Connecticut manufacturers pay employees to get training and degrees
In the spring of 2018, Walmart made national headlines when the retailer said it would pay for employees to obtain business degrees. These types of tuition assistance and educational-reimbursement programs are in vogue thanks to high-profile businesses like Amazon and Starbucks wanting to improve the quality of their workers’ training.
In Connecticut, the business consulting firm CONNSTEP has helped manufacturers to embrace new markets and upgrade the skills of incumbent workers through trainings in lean continuous improvement, business growth and workforce development.
“It’s amazing to work for a company, born right here in Meriden, that’s grown into a globally recognized brand, operating out of a 120,000-square-foot building and employs 190 people,”
— Kevin Scarpati
Arthur G. Russell Co. feeds medical products through equipment like this tower feeder.
Taking a lean management approach allows manufacturers to place greater emphasis on growth and efficiency. Jason Ensminger, owner of Bristol assembly equipment manufacturer Arthur G. Russell Co., says, “Every employee is trained in lean manufacturing and understands the importance of lean; it’s an excellent program for all manufacturers.”
As companies transition to smarter manufacturing practices, many have taken to reaching out to educational institutions regarding curriculum adjustments designed to meet specific needs.
Across the state, educational institutions and manufacturers are working together on the local or regional level to create brand new programs.
“We are working with area colleges and schools on developing a Mechatronix program that will provide a specific knowledge base for what we do. As a result, electrical and mechanical assembly will be addressed in one curriculum,” Ensminger said. “Also, our control engineering manager is working with a state college to build a relevant curriculum to meet our needs for electrical engineering.”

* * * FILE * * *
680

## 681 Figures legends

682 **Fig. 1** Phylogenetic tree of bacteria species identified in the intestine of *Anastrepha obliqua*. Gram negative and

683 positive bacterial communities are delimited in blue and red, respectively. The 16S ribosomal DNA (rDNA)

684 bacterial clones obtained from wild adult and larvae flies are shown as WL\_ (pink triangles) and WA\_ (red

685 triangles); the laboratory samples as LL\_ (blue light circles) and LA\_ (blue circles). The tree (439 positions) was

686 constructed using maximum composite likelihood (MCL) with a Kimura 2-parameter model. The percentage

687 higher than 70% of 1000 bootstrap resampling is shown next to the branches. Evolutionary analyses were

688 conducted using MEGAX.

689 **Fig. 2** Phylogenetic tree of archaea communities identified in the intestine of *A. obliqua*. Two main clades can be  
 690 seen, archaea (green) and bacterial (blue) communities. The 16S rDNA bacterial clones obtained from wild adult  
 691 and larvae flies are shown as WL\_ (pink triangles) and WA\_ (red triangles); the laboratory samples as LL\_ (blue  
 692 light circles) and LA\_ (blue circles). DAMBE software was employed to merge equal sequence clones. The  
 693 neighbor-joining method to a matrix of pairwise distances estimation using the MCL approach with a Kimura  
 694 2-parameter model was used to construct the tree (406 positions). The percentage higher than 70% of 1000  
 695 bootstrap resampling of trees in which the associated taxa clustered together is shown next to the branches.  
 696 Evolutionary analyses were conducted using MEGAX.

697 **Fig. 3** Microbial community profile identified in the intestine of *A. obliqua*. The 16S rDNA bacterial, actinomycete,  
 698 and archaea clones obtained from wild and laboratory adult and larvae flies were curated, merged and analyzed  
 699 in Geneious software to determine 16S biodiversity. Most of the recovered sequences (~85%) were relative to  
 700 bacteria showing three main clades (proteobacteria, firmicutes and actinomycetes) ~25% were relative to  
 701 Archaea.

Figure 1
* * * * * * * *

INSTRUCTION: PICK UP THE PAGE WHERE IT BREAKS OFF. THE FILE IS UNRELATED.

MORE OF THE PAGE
Russell was pleased to find that an academic faculty more than willing to put together an impactful curriculum based on the input of manufacturers.
Arthur G. Russell Co.
Automated assembly systems
Employee education program:
On-site mobile college courses, lean training, college-tuition reimbursement program, apprenticeships and internships, and curriculum development at the university level
Many manufacturers have some type of incentive for the new employees they hire, especially those interested in getting advanced degrees.
“We offer our employees 80-percent tuition reimbursement towards a college degree with a grade of C or better,” Ensminger said. He sees older employees embracing these opportunities to advance their skills as well, including those moving into the next stages of their manufacturing careers.
“Some of our tenured employees are taking advantage of these opportunities as well. We have a manager and an executive who just completed their (master’s degree in business administration),” he said.
In some cases, colleges are even establishing a physical presence at the workplace.
“Goodwin College has a mobile classroom that they bring to your business for the purpose of employee training,” Ensminger said. “We hosted classes at the start of the month, and we plan on more courses going forward.”
High schools are also doing their part to ensure a new generation of manufacturing professionals will be at the ready when the workforce turns over.
Arthur G. Russell Co. seeks to offer students hands-on experience with products like this vibratory feeder.
Ensminger cites a number of initiatives for young people, including an apprenticeship program at Russell with the State of Connecticut boasting 12 apprentices enrolled in toolmaker and electrical programs. Arthur G. Russell Co. offers a paid internship program exposing college students to the organization as a whole. Nearby, Bristol Technical High School offers a work-based learning program to its students, which has led to the hiring of several students by Arthur G. Russell Co. for full-time positions after graduation.
“We also sponsor a First Robotics team with the hope to catch the interest of middle- and high-school students. Many of our employees volunteer their time to mentor the robotics team,” said Ensminger.
Innovative manufacturers like Arthur G. Russell Co. serve as exemplars for others looking to empower employees through education.
“In the custom automation business, it’s challenging to find employees that have the essential skills for what we do,” Ensminger said. “We have accepted the fact that we will have to develop our own employees by providing the necessary mentoring, assistance and training.”